Taxing Matters: SUI Rates Explained
State Unemployment Insurance (SUI) taxes are kind of a big deal.
States maintain a trust fund from which they pay unemployment compensation benefits to claimants. This trust fund comes from the unemployment compensation tax paid by employers on a quarterly basis. Every year, the states adjust the individual tax rates that employers pay based on the usage and solvency of the trust fund. This is announced in each state agency’s Contribution Rate Notice, the annual report showing the unemployment tax rate for the assigned period.
As a payroll service provider who handles all tax issues, you’d expect that we’d receive this notice. Unfortunately, you’d be wrong. And that’s because each state sends the notification directly to the employer address it has on file. We don’t get the original and, believe it or not, we don’t even get a copy.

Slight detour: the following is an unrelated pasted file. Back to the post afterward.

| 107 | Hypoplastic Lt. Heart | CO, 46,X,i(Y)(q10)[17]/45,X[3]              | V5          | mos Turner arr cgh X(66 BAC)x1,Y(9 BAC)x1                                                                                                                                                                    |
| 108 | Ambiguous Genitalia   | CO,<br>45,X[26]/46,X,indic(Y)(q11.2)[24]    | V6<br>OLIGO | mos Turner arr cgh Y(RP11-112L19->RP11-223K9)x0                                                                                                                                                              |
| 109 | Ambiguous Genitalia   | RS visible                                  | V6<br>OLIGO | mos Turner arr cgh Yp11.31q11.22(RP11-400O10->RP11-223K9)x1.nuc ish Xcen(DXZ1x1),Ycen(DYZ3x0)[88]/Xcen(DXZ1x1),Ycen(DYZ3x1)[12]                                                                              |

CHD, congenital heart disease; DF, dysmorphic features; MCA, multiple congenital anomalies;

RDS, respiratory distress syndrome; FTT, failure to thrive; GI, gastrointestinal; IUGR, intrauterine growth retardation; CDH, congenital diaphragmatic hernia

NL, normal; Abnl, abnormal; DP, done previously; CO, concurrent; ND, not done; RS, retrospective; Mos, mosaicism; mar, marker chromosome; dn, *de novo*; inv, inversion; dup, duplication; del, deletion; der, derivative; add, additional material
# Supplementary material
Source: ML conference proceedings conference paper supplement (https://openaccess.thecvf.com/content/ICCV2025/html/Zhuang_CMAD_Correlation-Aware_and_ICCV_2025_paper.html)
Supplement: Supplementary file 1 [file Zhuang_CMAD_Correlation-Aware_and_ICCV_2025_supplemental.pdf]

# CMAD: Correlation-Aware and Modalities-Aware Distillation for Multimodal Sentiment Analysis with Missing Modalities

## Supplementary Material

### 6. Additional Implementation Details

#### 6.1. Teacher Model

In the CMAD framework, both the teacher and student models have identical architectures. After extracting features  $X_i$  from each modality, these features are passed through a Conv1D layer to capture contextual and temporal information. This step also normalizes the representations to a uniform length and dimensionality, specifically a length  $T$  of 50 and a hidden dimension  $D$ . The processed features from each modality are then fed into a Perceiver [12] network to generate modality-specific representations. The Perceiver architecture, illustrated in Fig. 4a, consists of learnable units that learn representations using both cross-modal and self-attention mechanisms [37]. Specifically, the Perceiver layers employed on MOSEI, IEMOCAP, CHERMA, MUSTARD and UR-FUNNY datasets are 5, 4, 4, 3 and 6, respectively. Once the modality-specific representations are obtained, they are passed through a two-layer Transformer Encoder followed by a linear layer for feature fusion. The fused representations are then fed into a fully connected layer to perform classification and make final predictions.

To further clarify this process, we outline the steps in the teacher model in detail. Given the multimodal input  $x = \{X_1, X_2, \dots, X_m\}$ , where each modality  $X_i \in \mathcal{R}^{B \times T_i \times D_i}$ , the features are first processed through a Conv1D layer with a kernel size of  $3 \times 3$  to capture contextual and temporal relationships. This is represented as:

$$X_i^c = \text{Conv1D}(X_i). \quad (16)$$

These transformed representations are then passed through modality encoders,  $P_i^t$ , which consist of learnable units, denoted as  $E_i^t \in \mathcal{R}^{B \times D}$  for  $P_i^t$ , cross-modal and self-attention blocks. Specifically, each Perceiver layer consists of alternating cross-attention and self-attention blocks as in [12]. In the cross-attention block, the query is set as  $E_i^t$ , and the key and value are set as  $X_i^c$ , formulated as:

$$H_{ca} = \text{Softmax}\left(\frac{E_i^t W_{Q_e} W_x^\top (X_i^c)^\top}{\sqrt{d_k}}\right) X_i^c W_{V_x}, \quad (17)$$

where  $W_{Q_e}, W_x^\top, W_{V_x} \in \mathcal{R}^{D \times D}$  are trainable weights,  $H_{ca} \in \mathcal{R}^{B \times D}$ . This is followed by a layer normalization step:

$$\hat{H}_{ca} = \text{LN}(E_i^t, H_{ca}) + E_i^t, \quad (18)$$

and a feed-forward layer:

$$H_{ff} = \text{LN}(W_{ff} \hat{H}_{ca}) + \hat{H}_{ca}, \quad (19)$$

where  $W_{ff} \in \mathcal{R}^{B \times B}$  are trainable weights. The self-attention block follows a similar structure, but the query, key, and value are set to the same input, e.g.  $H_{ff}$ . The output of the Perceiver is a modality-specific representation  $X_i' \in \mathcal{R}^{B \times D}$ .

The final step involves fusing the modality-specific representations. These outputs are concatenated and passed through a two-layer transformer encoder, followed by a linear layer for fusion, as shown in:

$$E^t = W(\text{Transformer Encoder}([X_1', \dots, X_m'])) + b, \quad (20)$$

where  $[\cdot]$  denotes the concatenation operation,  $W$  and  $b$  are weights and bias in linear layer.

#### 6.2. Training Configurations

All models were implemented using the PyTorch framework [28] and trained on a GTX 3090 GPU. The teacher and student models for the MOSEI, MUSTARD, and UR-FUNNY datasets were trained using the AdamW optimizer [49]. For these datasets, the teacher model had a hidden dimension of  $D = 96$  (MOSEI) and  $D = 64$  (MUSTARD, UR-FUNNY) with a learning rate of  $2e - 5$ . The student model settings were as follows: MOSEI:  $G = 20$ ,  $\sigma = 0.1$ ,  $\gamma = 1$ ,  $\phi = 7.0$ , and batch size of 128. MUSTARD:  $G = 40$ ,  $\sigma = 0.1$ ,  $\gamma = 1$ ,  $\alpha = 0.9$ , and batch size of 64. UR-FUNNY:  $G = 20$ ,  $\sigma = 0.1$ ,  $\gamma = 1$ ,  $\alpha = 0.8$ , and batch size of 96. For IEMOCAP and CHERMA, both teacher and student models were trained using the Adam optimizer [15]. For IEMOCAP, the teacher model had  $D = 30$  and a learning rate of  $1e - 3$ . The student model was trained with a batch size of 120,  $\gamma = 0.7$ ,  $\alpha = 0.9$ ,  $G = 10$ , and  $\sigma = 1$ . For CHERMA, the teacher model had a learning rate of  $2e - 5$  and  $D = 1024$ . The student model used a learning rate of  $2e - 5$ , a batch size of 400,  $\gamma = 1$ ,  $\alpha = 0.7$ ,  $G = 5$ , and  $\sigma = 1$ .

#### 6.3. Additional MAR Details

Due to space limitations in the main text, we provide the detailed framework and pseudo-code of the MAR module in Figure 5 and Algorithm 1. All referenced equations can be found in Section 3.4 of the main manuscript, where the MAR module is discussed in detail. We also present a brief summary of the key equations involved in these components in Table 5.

Because of this, it’s extremely important that when you receive your Tax Rate Notices from various states, that you forward them to your payroll service provider. Doing so will help ensure that you are paying the correct amount of taxes due.
Failing to send your updated rates to Sentric (or your service provider) or sending them to us late may result in the following:
- Your unemployment taxes may be underpaid, resulting in a penalty with interest
- You may be issued a delinquent tax rates – a higher rate at which you must pay
- Additional money – often in the form of a large sum – may be due at end of the quarter
- You may find out that you’ve been overpaying money unnecessarily
As always, if you have questions on anything tax-related just check back here or contact your Sentric representative.